When his production was new Eagling suggested he was exploring ‘some of the darker more sinister corners of The Nutcracker story’. Much as The Red Shoes should have been a much darker tale when put on stage, there must be an artistic compromise when a box-office winner is needed. The buzz of excitement in the audience suggested that there might have been several there who were new to a night at the ballet and – particularly if they are young children – what they see cannot be too frightening or boring. Basically, we are shown a teen romance with a few allusions to Hoffmann in Peter Farmer’s quaint or magical settings. It still takes a little time to get going but this didn’t seem to matter so much as it has before. I had the good fortune to be sitting closer to the stage than I must have in the past. This made me appreciate how even the most minor background character in the large cast involved at the party – whether children or adults – was given something to do rather than just standing idly by.

If you haven’t seen this Nutcracker – and even if you have and believe you don’t need to go again – do go, because the company seem to be performing better and better every time I watch them. They have been so good recently that I could not conceive this could be possible, yet their joy of performing, as well as, committed and exuberant dancing totally won me over once again. Especially, it was the technical accomplishment and theatricality of some of the dancing – whether corps de ballet or individually – which left me open mouthed in awe at times. A truly magical spell was cast by everyone from the youngest students (Sophia Mucha and Euan Garrett as the younger Clara and Freddie) to the most senior Lead Principals and no one should forget the importance of the perfectly nuanced performance of Tchaikovsky’s wonderful score – neither too saccharine or tinkly (as from a music box) – by ENB’s always reliable orchestra under their music director, Gavin Sutherland, who accompanied the dancers with his usual accomplished ease.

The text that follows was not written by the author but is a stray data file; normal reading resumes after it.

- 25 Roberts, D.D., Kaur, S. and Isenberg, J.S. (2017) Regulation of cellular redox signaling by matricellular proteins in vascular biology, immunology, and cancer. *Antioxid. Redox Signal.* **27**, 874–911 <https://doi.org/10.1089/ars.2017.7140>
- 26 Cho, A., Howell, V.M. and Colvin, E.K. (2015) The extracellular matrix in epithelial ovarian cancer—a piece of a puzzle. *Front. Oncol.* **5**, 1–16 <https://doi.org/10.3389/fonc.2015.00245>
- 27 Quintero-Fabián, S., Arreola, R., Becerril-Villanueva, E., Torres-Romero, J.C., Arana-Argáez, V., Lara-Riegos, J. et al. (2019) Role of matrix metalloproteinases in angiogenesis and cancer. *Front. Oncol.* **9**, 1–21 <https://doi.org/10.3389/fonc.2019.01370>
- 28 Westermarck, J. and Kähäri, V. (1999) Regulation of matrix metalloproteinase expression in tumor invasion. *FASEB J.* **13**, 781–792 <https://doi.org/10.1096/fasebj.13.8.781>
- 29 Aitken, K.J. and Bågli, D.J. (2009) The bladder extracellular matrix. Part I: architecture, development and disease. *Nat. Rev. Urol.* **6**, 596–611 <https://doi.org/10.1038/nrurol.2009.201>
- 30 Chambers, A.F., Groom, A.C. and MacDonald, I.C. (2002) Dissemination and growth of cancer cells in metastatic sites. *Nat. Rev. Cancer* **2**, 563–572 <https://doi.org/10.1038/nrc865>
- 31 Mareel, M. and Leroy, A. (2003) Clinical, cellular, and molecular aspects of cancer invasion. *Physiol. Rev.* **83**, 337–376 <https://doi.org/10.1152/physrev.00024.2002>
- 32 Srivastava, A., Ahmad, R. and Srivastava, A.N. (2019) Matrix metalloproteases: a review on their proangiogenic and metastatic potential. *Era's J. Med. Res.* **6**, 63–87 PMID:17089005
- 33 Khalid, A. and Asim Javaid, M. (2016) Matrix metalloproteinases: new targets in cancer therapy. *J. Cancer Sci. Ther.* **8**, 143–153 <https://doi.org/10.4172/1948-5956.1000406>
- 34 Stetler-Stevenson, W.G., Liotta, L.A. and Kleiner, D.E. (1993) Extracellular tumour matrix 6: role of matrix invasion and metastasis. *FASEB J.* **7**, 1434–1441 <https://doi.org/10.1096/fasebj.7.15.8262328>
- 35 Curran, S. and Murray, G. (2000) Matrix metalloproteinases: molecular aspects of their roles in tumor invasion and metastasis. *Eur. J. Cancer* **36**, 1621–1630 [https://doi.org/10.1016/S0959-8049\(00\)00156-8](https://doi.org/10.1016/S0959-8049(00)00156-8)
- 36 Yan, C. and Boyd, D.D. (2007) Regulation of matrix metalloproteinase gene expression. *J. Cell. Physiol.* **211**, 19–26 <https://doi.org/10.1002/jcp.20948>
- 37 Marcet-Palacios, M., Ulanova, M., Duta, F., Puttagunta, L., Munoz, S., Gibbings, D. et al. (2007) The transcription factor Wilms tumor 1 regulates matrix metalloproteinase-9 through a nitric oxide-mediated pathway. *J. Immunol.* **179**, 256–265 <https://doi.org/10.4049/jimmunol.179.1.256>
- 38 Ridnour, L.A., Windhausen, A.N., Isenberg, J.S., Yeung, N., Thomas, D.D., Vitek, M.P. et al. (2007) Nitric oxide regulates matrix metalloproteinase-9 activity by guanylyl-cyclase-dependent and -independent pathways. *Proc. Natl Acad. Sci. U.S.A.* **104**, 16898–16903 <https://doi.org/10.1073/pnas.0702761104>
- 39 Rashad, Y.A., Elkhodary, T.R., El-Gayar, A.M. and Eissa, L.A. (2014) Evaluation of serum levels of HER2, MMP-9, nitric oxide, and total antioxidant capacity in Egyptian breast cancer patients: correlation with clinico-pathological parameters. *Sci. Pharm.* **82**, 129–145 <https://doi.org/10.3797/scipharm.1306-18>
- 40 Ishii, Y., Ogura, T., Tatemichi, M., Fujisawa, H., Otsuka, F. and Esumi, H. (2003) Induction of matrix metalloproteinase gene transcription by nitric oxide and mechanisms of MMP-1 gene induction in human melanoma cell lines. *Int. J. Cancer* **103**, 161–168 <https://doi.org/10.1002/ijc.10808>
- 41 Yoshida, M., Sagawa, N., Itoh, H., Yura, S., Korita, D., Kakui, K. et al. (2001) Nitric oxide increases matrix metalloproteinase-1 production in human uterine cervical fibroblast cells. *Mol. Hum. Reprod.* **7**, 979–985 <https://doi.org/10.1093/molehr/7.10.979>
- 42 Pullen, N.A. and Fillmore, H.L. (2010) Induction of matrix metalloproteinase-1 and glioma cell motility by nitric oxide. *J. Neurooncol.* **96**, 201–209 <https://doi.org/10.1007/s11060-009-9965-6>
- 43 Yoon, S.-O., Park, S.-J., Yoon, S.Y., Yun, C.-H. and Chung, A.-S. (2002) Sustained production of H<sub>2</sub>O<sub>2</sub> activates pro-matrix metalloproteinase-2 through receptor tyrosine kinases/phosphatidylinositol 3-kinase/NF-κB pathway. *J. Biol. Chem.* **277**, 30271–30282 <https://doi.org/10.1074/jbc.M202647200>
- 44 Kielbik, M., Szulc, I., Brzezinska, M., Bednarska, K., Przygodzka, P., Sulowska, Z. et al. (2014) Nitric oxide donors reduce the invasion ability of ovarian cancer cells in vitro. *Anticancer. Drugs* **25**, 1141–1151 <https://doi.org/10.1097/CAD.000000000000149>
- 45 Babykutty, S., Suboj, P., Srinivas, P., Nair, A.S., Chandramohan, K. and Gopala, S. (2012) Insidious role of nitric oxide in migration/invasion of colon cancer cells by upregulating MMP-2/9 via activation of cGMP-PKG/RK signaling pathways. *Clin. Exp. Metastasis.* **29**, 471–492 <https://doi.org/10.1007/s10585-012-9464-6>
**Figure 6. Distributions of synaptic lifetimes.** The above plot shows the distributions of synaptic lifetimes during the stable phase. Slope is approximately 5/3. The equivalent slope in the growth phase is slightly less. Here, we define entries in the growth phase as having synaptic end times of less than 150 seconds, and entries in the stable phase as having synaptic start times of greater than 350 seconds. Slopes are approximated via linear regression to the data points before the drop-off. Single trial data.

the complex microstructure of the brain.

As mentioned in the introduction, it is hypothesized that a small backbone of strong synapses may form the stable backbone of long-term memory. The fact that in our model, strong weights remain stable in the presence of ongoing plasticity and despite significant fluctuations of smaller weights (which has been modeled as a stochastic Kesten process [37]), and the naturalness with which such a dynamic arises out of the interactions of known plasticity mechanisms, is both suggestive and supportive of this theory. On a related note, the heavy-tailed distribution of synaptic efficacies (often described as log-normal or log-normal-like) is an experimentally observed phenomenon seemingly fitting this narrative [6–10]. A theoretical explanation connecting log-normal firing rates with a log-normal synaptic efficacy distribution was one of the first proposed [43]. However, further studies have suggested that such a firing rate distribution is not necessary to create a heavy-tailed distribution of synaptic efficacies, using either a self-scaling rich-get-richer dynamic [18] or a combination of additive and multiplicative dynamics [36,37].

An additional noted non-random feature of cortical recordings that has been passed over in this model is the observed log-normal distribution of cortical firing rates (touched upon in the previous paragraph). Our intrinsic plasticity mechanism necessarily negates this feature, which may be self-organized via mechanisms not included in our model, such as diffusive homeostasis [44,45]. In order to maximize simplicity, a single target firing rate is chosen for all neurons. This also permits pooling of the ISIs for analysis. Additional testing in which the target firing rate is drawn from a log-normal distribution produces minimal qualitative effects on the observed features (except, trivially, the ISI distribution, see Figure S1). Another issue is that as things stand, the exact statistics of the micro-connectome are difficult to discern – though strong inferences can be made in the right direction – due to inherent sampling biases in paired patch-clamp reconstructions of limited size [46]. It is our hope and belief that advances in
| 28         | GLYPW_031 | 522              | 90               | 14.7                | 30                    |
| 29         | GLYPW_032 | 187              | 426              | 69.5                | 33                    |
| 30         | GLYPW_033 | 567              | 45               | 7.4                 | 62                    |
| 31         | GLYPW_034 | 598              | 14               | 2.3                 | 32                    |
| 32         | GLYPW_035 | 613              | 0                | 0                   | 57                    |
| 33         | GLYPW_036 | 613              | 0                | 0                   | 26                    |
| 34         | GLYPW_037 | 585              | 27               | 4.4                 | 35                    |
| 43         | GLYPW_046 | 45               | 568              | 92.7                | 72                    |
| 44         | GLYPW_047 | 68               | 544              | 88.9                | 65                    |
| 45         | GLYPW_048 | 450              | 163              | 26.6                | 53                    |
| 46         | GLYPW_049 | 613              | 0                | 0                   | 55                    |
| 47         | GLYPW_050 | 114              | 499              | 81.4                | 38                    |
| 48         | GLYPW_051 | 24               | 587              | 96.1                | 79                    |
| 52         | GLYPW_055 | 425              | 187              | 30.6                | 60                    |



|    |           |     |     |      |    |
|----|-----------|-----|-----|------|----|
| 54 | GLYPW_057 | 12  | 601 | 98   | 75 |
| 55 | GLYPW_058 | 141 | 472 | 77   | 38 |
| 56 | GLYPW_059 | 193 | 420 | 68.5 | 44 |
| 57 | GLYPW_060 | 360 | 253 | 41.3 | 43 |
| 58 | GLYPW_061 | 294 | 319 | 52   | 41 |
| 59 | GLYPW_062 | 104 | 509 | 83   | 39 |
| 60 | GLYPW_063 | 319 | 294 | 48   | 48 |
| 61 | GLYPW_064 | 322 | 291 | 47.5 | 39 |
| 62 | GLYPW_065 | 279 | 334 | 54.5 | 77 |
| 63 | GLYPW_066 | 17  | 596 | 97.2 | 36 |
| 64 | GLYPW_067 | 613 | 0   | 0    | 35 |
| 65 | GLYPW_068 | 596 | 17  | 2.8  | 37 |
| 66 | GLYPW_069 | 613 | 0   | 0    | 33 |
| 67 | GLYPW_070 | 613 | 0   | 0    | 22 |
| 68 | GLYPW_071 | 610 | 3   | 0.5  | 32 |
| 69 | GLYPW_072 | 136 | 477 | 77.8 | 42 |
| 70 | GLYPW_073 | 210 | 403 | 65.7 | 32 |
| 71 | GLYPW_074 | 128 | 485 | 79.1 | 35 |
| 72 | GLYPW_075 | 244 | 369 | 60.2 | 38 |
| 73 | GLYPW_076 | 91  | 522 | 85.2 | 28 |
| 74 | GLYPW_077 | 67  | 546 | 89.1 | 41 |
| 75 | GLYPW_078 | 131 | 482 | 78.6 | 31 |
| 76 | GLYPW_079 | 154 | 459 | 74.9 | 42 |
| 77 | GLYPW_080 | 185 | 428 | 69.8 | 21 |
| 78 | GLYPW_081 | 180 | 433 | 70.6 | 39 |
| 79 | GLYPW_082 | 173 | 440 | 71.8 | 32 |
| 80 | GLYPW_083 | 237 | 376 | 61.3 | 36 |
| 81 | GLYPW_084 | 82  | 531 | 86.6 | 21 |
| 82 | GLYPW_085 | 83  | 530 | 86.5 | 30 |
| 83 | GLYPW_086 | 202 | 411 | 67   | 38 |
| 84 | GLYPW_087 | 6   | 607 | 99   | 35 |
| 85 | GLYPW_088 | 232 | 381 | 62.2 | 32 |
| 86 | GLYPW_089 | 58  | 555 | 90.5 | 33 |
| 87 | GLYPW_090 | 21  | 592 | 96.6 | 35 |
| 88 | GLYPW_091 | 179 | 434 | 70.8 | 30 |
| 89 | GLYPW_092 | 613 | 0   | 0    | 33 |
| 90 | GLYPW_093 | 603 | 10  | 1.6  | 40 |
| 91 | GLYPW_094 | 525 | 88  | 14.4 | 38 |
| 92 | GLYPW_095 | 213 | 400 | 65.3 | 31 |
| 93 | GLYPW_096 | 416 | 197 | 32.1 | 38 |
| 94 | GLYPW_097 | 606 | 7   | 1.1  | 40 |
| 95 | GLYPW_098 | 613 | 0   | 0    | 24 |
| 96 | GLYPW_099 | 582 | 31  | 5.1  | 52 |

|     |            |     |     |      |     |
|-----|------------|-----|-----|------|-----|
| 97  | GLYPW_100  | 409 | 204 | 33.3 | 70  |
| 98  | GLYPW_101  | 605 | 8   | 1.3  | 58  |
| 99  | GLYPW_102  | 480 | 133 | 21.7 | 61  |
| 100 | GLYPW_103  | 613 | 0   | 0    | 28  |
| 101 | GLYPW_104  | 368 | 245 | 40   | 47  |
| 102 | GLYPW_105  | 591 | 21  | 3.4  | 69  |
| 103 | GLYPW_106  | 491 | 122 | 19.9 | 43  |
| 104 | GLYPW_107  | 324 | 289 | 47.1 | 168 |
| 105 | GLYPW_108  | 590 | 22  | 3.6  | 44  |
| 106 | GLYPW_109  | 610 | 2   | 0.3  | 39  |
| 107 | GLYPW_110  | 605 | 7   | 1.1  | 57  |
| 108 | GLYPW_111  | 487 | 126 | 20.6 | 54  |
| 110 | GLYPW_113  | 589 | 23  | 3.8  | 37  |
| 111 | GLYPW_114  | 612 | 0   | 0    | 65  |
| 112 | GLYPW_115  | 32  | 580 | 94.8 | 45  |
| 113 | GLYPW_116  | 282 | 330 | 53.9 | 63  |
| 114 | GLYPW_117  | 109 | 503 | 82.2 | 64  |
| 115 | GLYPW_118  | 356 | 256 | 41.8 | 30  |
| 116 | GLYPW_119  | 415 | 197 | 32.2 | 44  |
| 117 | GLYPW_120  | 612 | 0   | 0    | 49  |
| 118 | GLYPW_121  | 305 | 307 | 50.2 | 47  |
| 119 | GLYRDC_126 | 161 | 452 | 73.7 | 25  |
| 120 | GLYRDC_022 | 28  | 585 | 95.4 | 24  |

Hidden behind a mask he wore throughout James Forbat was – in the very best meaning of the phrase – a wonderfully wooden Nutcracker; Fabian Reimair again oozed a quirky charm and benevolence as Drosselmeyer and James Streeter repeated his spirited, pantomime comedy villain, Mouse King. The Snowflakes were suitably delicate and well-drilled and the Act II divertissements were well done by all concerned with ebullient moments from Adela Ramírez, Crystal Costa and Vitor Menezes (Spanish Dance) and Katja Khaniukova, Grant Rae and Joshua McSherry-Gray (Chinese Dance). Pedro Lapetra enjoyed himself immensely during the rumbustious Russian Dance and Laurretta Summerscales was as impressive as ever when dancing Clara’s big sister Louise and one of Mirlitons. The corps de ballet must also be commended for their remarkable synchronicity and often dazzling dancing.

The abiding memory of this performance will concern the outstanding partnership of Alina Cojocaru and Cesar Corrales during their exquisite grand pas de deux which I might have seen equalled, but never – as far as I can recall – betteredAs the Nephew/ardent Prince, Corrales has little to do except partner and present Clara/Sugar Plum Fairy as best as possible and this he does with great aplomb, tenderness and care. His own solos were bold, explosive and full of bravura and I cannot hold off from using an ‘N’ word – Nureyev! I probably have a coffee mug older than some ballet critics I have met recently but I saw Nureyev dance many times and there are already fledging hints of that great Russian’s magnetism and pantherine grace in Corrales’s dancing. Alina Cojocaru was equally remarkable and was a very believable young girl. She is a truly great dancer and not for once did I see a step or gesture from her that was anything less than instinctive and she was endearingly expressive throughout and all she did was an object lesson in musicality, impeccable technique, and stagecraft.

Jim Pritchard

For more about English National Ballet’s forthcoming performances visit http://www.ballet.org.uk/.